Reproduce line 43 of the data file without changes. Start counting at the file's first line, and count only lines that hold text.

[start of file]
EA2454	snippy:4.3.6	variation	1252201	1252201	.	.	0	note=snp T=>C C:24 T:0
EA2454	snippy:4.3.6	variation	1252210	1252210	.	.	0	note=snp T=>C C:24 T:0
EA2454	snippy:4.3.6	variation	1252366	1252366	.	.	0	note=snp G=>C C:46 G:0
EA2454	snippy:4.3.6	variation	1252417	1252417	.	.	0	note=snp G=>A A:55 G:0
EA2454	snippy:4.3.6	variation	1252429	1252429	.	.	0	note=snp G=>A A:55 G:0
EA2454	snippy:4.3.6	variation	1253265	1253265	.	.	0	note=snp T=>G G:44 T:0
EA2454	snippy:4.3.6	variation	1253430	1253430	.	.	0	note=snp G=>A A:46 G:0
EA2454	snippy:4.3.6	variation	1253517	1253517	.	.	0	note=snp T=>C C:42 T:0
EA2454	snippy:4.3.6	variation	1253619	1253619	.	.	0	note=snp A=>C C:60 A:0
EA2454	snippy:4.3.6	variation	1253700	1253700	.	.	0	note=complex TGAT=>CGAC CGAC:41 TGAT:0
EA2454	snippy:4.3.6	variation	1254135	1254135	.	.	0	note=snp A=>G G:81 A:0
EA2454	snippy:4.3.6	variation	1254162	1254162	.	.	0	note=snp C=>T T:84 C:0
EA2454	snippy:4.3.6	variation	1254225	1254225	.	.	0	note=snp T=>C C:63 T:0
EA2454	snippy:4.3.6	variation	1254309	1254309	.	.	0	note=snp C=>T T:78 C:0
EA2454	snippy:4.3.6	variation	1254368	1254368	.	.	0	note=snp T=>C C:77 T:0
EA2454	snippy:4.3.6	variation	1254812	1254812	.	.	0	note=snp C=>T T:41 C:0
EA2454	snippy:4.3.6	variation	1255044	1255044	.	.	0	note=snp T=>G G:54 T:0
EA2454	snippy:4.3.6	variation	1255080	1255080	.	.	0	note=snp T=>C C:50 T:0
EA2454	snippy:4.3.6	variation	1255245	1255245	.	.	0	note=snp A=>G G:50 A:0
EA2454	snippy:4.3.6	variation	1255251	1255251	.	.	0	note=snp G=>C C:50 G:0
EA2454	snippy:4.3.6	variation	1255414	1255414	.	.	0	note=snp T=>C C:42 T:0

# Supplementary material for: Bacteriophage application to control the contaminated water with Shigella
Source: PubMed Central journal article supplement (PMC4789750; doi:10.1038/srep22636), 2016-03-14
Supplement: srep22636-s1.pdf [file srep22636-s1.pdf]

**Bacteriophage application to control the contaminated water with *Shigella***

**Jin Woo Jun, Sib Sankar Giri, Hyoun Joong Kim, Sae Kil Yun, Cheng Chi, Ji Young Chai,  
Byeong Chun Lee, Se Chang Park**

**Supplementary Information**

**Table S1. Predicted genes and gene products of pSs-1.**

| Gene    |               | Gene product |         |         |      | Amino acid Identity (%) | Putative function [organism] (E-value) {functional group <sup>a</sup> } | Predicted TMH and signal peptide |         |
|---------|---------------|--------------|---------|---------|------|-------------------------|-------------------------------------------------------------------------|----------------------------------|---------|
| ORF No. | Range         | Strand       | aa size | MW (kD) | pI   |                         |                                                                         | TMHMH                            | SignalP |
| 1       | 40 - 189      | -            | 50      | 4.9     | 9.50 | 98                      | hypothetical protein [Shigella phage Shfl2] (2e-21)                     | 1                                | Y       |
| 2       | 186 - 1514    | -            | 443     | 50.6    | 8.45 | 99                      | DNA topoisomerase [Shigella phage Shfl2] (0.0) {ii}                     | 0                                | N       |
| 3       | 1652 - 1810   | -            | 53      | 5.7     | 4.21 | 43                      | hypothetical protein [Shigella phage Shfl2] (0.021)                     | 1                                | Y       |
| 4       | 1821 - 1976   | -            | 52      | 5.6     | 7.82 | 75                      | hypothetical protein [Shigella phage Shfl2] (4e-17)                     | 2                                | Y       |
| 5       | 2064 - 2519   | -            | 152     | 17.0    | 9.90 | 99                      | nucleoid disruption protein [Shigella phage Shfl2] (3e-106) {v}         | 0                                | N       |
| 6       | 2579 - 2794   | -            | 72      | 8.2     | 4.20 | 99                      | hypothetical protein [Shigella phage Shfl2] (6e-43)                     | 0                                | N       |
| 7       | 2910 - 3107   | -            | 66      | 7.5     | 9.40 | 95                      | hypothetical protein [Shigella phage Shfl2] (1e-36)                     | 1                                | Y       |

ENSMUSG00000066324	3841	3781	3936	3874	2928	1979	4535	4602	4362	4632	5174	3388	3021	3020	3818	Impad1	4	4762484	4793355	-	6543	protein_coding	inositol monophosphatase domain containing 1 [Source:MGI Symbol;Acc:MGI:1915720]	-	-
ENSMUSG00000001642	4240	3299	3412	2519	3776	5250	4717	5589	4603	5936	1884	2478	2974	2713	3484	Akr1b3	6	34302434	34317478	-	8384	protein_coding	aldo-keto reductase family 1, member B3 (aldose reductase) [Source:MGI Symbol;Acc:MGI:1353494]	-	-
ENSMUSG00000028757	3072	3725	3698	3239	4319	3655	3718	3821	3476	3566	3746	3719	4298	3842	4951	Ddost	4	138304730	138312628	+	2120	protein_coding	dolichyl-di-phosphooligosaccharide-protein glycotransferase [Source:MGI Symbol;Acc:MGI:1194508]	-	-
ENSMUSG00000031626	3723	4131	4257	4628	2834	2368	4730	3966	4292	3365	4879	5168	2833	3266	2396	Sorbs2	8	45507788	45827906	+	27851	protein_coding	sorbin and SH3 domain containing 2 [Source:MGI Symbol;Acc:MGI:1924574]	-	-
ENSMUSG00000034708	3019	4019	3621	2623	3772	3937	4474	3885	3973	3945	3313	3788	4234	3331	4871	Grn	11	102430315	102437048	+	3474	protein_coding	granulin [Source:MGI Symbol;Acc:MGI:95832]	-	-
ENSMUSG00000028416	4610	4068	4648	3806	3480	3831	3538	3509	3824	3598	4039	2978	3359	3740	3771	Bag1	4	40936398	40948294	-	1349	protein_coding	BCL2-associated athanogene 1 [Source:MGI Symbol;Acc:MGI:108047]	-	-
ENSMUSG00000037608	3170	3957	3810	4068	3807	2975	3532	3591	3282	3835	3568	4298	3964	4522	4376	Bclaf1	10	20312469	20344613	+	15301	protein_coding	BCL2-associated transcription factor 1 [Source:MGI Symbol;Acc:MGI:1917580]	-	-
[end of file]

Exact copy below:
ENSMUSG00000031626	3723	4131	4257	4628	2834	2368	4730	3966	4292	3365	4879	5168	2833	3266	2396	Sorbs2	8	45507788	45827906	+	27851	protein_coding	sorbin and SH3 domain containing 2 [Source:MGI Symbol;Acc:MGI:1924574]	-	-